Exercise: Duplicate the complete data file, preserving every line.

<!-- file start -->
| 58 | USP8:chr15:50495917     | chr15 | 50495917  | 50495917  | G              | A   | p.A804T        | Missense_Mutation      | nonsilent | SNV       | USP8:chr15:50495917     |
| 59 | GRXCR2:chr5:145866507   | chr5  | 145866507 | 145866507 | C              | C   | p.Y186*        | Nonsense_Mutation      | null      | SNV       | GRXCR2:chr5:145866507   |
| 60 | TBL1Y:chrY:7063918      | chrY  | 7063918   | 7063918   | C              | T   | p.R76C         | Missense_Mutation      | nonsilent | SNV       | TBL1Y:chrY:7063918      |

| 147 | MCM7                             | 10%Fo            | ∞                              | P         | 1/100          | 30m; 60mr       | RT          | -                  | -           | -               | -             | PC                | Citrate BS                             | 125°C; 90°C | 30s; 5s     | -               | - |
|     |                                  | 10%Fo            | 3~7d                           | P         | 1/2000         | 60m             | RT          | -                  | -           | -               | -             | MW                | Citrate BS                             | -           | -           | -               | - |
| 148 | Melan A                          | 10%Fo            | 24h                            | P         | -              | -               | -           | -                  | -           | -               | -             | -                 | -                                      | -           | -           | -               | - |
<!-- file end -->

| 58 | USP8:chr15:50495917     | chr15 | 50495917  | 50495917  | G              | A   | p.A804T        | Missense_Mutation      | nonsilent | SNV       | USP8:chr15:50495917     |
| 59 | GRXCR2:chr5:145866507   | chr5  | 145866507 | 145866507 | C              | C   | p.Y186*        | Nonsense_Mutation      | null      | SNV       | GRXCR2:chr5:145866507   |
| 60 | TBL1Y:chrY:7063918      | chrY  | 7063918   | 7063918   | C              | T   | p.R76C         | Missense_Mutation      | nonsilent | SNV       | TBL1Y:chrY:7063918      |

| 147 | MCM7                             | 10%Fo            | ∞                              | P         | 1/100          | 30m; 60mr       | RT          | -                  | -           | -               | -             | PC                | Citrate BS                             | 125°C; 90°C | 30s; 5s     | -               | - |
|     |                                  | 10%Fo            | 3~7d                           | P         | 1/2000         | 60m             | RT          | -                  | -           | -               | -             | MW                | Citrate BS                             | -           | -           | -               | - |
| 148 | Melan A                          | 10%Fo            | 24h                            | P         | -              | -               | -           | -                  | -           | -               | -             | -                 | -                                      | -           | -           | -               | - |